By the time we began the ride home, my breathing was back to normal and my face was more of a cardinal red flush, as opposed to the shade of octopus purple it was when I climbed that Matterhorn of sand. As we were catching up on things, I decided to tell her about Sophia’s gift to me, the book The Secret.

Anita, it turns out, was into metaphysics. She didn’t exactly believe the information about The Secret, but she did believe in the power of thought.

She was convinced that the dead communicated with her.

“What?” I asked.

She explained two instances that, if not true, were pretty darn suspicious. One involved her grandmother. She had a vision one night about living next door to her grandmother, in Brazil, and Grandma was floating through the fence to return home. When Anita called her parents in Brazil later that day, she was told her grandmother died the previous night.

A second instance involved a person she had never really met. He was a contractor in Iraq, post-9/11, who had been kidnapped. She happened to meet a relative of his who lived in town. One night, Anita was dreaming and the two had a conversation. “But ze odd ting, Smith,” she confided, “was he was behind a curtain-like cloud—he vasn’t very clear. What do you tink that means?”

“That he’s not dead?” I offered.

“It could be, but I zdon’t tink so. I’ve never dreamt about him before. And I’ve never had another one since.”

“How long ago was this dream?”

She thought. “Ah, about a year ago. Last June.”

This was now the following May and there had been no official word on the fate of this man, one way or the other. Anita continued telling me about how she communicates with the dead, and reincarnation, and quantum physics.

“I really don’t believe in reincarnation,” I said, hoping to change the subject. Quantum physics? Why am I starting to hyperventilate? Will there be a quiz?

“Oh, but thees books isn’t totally about that. It’s by a very famous author. It makes you tink.”

“What book?”

“It’s by Edvard Cache.”

Edward Cash? “Never heard of him.”

She looked puzzled. “He’s very famous. How could you have never heard of him?”

She glanced at me while she drove. I had no idea who she was speaking about. But then again, with her accent, it could be anybody. But I was usually pretty good about deciphering her speech.

“Spell it.”

“What?”she asked.

“Spell the last name.”

“C-A-Y-C-E.”

“Oh, you mean Edgar Cayce,” pronouncing it correctly as “Casey”. “Him I’ve heard of but I’ve never ready any of this books.”

“Oh, you need to. I tink you will enjoy them. It’s not just about reincarnation. He’s very religious.”

When we returned to her home, she took me upstairs to a room they had turned into a library. She had thought of two other books I should read first, to help prepare me for this endeavor.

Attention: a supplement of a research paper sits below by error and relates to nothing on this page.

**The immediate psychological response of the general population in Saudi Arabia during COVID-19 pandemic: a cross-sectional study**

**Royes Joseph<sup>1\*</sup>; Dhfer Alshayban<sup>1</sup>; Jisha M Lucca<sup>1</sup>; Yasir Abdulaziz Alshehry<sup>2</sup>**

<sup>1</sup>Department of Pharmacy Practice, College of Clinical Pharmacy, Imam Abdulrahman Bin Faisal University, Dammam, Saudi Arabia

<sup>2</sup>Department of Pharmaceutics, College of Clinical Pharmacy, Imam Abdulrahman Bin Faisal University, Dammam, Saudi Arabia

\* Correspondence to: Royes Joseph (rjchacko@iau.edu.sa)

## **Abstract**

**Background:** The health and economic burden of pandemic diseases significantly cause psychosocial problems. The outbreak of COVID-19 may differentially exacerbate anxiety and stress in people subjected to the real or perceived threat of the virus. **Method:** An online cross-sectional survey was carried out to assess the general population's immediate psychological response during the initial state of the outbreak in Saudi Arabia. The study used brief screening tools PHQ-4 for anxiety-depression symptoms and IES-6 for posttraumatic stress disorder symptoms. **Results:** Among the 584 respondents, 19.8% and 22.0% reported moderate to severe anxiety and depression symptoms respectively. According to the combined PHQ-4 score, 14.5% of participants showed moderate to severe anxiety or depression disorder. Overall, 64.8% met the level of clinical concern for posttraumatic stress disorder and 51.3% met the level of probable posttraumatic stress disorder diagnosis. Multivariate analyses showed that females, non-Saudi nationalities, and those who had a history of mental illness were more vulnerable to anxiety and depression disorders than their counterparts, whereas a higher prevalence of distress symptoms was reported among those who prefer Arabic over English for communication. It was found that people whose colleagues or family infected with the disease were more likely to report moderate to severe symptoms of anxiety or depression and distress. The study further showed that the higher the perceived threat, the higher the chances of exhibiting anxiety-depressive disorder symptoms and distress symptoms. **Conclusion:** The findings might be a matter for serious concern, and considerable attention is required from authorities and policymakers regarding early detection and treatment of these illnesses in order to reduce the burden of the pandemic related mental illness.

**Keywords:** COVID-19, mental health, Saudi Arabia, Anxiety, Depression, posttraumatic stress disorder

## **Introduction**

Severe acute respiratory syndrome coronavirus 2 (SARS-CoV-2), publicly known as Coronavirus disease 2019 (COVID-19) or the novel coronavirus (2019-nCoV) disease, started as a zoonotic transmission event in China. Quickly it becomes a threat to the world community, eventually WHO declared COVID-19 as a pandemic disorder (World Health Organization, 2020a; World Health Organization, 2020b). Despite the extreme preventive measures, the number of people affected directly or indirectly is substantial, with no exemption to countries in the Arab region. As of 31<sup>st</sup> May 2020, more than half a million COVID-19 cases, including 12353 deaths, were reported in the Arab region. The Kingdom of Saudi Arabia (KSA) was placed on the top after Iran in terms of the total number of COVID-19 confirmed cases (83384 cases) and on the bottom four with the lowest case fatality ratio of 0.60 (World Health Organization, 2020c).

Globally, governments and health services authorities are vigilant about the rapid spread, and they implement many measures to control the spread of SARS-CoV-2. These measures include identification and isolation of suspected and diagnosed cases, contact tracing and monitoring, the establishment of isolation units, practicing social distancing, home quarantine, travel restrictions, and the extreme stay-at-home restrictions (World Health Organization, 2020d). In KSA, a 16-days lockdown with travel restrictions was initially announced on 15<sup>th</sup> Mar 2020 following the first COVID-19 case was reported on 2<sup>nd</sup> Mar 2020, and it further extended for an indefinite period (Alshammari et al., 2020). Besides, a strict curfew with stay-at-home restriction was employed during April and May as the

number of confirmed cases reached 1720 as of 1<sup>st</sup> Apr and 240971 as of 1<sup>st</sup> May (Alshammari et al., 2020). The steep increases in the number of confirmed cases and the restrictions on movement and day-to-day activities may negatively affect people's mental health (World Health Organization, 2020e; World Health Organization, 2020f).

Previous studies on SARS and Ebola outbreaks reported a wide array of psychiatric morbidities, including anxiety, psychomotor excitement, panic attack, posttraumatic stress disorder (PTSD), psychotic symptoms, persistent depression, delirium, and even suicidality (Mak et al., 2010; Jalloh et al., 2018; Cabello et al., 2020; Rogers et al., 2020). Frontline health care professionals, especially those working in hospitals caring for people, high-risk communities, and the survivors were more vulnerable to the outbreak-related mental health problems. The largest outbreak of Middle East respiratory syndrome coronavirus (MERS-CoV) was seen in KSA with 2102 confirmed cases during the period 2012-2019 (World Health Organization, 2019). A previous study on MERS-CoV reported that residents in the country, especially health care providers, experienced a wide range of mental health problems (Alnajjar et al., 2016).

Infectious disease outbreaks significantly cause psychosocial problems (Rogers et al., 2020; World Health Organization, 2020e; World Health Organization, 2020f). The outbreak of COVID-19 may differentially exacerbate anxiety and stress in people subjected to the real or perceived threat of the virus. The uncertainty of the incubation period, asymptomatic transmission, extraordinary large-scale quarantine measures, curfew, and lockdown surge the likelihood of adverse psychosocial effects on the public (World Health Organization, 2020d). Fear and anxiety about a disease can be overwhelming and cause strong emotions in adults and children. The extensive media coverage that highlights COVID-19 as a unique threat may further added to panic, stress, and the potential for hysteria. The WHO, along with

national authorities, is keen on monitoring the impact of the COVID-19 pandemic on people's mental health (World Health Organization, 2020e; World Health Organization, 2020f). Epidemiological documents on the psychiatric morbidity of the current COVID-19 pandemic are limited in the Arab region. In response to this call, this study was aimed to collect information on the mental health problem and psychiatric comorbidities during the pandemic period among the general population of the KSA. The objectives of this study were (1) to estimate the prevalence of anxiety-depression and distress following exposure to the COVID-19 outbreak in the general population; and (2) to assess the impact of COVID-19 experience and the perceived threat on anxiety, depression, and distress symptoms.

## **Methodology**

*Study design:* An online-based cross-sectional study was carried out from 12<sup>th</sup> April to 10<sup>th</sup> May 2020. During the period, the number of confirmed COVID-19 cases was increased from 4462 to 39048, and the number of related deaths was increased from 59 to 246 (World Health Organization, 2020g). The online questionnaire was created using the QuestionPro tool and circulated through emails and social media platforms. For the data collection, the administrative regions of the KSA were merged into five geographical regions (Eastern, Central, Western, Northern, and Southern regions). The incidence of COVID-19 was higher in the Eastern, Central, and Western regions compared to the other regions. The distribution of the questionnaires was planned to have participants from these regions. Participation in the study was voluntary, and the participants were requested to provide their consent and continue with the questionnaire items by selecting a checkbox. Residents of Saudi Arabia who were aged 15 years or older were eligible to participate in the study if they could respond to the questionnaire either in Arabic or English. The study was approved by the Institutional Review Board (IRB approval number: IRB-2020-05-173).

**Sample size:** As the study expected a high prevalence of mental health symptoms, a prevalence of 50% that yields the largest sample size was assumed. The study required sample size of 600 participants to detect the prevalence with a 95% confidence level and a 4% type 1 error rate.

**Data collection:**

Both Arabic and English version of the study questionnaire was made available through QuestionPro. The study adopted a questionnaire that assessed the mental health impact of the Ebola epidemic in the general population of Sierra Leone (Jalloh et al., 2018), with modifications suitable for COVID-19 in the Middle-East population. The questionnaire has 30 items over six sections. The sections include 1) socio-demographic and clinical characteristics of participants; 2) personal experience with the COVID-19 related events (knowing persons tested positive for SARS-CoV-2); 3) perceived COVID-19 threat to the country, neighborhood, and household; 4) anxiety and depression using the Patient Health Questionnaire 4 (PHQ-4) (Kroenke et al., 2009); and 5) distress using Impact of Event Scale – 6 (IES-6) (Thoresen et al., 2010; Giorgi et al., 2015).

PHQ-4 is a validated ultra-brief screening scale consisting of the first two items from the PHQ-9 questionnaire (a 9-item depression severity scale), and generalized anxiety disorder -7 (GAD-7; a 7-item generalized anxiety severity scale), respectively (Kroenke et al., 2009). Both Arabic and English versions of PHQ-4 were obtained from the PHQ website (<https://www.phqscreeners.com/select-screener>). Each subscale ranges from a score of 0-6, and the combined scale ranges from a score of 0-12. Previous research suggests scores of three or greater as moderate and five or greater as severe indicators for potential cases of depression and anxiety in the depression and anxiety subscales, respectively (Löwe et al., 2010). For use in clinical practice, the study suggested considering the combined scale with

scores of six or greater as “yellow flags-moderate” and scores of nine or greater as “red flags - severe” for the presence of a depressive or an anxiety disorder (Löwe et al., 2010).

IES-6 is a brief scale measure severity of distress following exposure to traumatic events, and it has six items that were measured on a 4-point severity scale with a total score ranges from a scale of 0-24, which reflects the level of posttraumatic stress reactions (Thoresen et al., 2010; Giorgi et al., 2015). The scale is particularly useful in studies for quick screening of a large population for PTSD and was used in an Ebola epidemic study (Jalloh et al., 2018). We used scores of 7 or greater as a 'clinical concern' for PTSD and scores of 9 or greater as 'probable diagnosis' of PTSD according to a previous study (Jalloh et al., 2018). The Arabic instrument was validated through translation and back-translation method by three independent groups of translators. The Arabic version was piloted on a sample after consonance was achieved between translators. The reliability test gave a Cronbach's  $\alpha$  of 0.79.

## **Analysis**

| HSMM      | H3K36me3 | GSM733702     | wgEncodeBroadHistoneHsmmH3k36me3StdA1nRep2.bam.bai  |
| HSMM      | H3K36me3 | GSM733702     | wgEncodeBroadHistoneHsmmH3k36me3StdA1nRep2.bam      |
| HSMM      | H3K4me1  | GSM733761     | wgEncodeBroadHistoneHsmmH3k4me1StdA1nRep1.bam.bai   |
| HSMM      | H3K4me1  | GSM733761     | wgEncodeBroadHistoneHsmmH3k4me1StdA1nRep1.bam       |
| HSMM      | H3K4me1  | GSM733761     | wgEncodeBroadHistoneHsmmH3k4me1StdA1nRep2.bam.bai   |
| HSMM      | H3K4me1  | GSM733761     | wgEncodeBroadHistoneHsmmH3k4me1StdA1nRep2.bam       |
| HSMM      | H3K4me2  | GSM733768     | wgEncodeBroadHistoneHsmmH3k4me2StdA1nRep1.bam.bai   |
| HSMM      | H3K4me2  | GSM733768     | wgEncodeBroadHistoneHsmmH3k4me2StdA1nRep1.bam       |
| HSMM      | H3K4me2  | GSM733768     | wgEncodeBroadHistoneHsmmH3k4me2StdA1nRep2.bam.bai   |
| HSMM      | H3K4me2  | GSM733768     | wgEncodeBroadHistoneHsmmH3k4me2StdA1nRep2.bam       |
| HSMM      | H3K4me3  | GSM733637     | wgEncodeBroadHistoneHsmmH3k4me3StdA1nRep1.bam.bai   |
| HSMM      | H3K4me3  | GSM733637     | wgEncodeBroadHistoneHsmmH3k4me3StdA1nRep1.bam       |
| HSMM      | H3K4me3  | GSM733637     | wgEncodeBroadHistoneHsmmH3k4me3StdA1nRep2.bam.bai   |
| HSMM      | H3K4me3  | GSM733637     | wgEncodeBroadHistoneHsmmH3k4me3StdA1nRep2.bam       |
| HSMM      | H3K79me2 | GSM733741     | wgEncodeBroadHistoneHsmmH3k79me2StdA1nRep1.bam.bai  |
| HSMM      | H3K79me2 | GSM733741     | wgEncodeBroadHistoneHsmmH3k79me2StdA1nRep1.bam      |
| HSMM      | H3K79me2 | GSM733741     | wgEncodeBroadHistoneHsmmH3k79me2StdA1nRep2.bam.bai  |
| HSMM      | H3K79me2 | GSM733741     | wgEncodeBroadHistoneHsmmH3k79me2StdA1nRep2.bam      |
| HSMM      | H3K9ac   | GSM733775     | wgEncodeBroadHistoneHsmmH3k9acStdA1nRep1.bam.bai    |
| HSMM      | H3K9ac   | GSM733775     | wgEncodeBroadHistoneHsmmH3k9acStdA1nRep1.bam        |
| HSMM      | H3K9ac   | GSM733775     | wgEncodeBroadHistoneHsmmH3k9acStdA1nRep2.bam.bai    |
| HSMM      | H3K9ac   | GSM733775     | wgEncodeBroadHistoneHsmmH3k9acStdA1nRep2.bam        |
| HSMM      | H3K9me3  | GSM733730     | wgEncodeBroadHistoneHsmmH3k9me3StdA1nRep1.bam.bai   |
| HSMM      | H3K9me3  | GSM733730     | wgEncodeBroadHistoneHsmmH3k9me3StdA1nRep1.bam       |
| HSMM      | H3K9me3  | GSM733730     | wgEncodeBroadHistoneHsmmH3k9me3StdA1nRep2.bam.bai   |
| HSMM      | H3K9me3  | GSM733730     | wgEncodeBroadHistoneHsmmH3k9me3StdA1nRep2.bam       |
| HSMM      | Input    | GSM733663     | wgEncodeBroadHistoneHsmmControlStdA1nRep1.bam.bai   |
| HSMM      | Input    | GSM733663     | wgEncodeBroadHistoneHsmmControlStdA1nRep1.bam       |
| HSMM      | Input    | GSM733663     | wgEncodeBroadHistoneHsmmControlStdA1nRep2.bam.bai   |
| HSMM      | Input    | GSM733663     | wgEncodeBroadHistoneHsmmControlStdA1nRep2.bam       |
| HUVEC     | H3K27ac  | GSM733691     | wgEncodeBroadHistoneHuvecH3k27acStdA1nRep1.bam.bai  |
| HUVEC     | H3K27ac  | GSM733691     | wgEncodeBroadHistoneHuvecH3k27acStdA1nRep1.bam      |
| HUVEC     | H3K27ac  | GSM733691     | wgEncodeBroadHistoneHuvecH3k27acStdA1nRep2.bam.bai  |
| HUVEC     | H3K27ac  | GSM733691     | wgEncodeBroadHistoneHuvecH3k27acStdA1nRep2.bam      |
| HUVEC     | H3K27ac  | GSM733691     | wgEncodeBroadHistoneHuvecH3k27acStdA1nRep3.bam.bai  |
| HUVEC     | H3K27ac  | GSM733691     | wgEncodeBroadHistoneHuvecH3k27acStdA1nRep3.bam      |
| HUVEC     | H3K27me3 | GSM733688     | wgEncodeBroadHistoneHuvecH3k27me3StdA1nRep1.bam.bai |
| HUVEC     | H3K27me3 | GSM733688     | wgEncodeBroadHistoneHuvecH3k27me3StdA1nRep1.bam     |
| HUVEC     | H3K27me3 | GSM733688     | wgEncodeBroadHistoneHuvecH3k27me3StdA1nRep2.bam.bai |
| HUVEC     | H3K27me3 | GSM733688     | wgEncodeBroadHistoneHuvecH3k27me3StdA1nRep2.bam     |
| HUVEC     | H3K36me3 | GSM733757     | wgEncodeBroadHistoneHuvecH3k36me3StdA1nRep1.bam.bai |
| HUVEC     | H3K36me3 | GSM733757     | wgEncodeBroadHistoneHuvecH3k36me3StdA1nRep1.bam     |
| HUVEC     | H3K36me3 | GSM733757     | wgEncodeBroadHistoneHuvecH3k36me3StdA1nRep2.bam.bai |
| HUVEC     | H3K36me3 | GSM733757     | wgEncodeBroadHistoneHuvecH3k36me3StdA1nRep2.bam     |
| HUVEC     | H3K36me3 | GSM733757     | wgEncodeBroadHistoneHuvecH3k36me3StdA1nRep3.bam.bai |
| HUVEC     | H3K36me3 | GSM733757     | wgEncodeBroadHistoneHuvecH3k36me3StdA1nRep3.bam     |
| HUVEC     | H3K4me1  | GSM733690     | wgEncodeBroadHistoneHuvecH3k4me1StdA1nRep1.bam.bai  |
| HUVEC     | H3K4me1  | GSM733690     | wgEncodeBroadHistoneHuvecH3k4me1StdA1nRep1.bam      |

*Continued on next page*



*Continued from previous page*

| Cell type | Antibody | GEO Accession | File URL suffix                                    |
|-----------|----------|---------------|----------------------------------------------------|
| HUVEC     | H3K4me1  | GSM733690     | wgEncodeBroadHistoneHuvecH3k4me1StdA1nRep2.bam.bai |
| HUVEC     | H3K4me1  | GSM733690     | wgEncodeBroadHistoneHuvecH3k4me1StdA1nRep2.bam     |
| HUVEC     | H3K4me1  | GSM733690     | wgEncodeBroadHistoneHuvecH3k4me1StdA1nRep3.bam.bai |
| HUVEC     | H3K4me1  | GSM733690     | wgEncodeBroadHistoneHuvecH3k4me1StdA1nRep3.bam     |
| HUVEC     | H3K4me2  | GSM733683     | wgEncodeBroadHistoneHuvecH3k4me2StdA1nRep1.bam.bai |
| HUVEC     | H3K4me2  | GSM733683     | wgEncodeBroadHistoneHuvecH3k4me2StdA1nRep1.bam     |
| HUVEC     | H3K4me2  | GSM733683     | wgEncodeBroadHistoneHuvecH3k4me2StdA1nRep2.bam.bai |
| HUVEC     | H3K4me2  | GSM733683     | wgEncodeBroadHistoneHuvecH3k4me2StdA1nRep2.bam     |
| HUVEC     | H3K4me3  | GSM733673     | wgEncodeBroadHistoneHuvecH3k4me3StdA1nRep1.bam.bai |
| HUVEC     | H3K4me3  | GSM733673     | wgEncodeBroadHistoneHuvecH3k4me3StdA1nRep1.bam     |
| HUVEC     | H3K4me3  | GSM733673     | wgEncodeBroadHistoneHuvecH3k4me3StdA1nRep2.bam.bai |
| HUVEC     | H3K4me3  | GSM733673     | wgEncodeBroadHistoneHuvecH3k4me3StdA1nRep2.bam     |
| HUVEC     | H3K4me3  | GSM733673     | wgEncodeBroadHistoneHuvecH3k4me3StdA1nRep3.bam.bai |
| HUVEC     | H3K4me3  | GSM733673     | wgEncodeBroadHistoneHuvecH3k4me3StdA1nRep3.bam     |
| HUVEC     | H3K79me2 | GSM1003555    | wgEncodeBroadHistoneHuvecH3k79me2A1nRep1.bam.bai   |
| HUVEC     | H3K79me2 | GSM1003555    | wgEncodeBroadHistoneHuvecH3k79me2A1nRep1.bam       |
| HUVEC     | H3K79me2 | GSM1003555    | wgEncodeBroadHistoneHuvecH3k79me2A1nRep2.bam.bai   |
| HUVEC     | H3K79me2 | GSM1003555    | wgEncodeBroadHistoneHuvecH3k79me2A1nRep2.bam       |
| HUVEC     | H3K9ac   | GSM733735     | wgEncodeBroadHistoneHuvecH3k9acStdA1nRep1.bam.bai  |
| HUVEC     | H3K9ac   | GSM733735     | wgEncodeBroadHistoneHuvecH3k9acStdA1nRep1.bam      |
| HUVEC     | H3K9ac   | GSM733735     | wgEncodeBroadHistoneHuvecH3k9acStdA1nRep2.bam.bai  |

“You do know I read about a total of two books a year, don’t you? When do you expect these back?” I asked her as we pulled into her driveway. As an English professor, especially of composition—you didn’t read more than you had to and you always read with a red pen in your hand—a force of habit. And I always found errors in books. It drives me insane.

Anita laughed, as she unlocked her front door. We headed upstairs to her den, where all of the family’s books were shelved. She never looked back at me, solely focusing on her mission. As soon as she entered the room, she dropped her purse and went straight to the shelves. “Oh, you read faster than that. You return them when you’re finished.” She was up and down, crouching and standing on tip-toes, trying to find the elusive book.

“What’s the title of the book?”

“Something about reincarnation. I don’t remember exactly.” She continued her search.

“Well,” I tried to help, “how do you have the books organized?”

“I don’t,” she groaned. “My son got bored and decided to reorganize my books one day last summer. By color. I could have killed him.”

I took a second look at the book case—it really was organized by color. Kind of pretty, actually. “How did you keep from killing him?”

“I almost didn’t. I was so furious with him. Then Fritz told me, ‘Aww, don’t be so mean. He spent all day working on this.’ Yah, but it wasn’t HIS books. I think it had a blue cover.”

Down she went again and finally found it. “OK, here’s one. Read this one first, but not the very first.”

Getting her bearings, she was plucking book after book off the shelf and passing them back to me.

“I’m serious,” I said. “I really don’t read a lot of books.”

“Oh, these are easy reads. You’ll get through one a day.”

I laughed. “Wanna bet?”

It took me nearly a year, but I did get all six of them read.